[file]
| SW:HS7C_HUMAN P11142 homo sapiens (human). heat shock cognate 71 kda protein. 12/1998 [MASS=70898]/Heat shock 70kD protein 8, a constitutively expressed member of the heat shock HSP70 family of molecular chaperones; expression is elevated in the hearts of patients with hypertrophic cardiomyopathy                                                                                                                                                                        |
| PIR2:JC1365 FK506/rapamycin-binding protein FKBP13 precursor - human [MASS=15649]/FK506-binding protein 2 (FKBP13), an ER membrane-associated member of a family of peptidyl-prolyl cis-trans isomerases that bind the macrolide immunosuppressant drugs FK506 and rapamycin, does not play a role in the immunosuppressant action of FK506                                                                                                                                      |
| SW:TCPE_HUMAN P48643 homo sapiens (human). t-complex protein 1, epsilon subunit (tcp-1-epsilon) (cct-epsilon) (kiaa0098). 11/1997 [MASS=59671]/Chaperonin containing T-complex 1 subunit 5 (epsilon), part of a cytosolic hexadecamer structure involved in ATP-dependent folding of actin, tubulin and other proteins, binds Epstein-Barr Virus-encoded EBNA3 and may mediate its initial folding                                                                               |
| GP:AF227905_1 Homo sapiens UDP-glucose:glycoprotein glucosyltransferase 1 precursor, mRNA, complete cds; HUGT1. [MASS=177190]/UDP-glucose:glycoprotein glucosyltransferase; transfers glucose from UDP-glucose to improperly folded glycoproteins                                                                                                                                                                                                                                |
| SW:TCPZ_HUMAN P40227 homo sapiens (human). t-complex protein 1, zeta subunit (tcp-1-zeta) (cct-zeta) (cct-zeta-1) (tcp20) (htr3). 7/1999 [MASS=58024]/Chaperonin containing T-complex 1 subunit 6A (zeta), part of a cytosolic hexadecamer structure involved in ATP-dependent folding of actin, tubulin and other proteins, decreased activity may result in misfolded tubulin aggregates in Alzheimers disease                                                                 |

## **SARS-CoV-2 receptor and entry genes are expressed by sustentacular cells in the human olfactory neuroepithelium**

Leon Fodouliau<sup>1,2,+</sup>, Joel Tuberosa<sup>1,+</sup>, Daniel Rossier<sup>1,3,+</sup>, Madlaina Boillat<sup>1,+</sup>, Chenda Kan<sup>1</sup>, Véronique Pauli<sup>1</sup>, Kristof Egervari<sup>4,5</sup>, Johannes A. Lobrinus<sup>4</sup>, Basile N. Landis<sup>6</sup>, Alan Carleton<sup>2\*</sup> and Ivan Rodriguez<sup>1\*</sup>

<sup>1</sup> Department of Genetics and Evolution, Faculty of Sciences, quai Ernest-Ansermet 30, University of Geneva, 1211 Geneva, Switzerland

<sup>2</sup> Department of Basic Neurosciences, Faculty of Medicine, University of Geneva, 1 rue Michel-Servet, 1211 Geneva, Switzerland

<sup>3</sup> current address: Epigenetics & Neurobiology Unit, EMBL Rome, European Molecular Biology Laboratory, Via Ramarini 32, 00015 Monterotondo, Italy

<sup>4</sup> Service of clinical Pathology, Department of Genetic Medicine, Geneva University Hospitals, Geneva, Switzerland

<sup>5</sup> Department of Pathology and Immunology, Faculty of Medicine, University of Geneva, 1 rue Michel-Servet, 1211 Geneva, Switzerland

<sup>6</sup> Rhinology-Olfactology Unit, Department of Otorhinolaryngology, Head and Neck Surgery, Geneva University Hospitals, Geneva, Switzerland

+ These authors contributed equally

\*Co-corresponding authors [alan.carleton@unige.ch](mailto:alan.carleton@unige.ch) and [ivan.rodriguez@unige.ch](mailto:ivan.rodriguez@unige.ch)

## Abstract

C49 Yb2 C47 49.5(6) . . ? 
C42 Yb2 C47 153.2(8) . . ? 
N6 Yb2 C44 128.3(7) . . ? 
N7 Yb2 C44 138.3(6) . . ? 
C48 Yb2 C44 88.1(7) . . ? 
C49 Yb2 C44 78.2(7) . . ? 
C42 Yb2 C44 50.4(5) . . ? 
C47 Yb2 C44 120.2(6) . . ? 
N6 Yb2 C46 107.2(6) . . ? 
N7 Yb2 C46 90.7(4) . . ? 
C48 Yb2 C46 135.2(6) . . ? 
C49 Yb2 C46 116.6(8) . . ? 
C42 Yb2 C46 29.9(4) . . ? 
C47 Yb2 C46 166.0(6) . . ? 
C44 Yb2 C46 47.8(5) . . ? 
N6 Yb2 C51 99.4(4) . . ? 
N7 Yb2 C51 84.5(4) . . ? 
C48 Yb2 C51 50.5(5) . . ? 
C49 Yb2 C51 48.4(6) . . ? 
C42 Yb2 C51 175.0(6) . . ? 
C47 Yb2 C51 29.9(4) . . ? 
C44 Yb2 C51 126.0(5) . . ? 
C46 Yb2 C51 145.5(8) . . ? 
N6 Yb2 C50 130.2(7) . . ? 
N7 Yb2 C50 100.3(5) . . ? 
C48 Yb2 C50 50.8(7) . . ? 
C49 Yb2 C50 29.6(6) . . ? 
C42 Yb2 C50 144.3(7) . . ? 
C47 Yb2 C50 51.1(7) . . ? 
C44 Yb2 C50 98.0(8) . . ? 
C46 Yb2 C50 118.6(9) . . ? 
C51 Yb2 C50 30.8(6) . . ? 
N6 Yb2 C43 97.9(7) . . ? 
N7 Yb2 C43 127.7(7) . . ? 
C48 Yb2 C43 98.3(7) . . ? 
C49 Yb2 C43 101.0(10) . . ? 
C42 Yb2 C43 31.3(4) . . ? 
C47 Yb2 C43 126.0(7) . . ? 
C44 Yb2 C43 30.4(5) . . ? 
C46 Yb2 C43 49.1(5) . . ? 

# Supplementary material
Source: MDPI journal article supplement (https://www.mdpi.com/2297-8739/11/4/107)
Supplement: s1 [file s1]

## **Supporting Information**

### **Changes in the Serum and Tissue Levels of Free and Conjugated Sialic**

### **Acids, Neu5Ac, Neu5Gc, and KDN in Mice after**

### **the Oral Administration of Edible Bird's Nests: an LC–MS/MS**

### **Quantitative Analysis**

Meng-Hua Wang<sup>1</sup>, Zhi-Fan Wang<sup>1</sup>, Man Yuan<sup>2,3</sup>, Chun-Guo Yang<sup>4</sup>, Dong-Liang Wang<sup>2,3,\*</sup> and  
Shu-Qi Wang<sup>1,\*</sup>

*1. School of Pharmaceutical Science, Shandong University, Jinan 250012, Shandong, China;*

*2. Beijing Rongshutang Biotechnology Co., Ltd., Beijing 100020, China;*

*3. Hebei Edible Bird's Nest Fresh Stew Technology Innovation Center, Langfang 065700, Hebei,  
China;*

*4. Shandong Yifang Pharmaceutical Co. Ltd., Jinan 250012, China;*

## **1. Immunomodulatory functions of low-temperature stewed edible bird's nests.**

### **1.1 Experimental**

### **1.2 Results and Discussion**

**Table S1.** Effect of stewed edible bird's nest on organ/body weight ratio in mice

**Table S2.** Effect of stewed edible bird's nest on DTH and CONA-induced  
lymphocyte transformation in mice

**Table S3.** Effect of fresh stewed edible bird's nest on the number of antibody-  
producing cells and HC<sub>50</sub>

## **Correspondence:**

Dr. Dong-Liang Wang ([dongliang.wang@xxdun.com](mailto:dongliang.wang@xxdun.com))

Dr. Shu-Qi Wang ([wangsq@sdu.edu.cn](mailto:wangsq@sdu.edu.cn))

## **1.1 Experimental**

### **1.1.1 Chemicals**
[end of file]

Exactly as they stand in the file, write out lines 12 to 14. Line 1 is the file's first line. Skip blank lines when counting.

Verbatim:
<sup>5</sup> Department of Pathology and Immunology, Faculty of Medicine, University of Geneva, 1 rue Michel-Servet, 1211 Geneva, Switzerland

<sup>6</sup> Rhinology-Olfactology Unit, Department of Otorhinolaryngology, Head and Neck Surgery, Geneva University Hospitals, Geneva, Switzerland

+ These authors contributed equally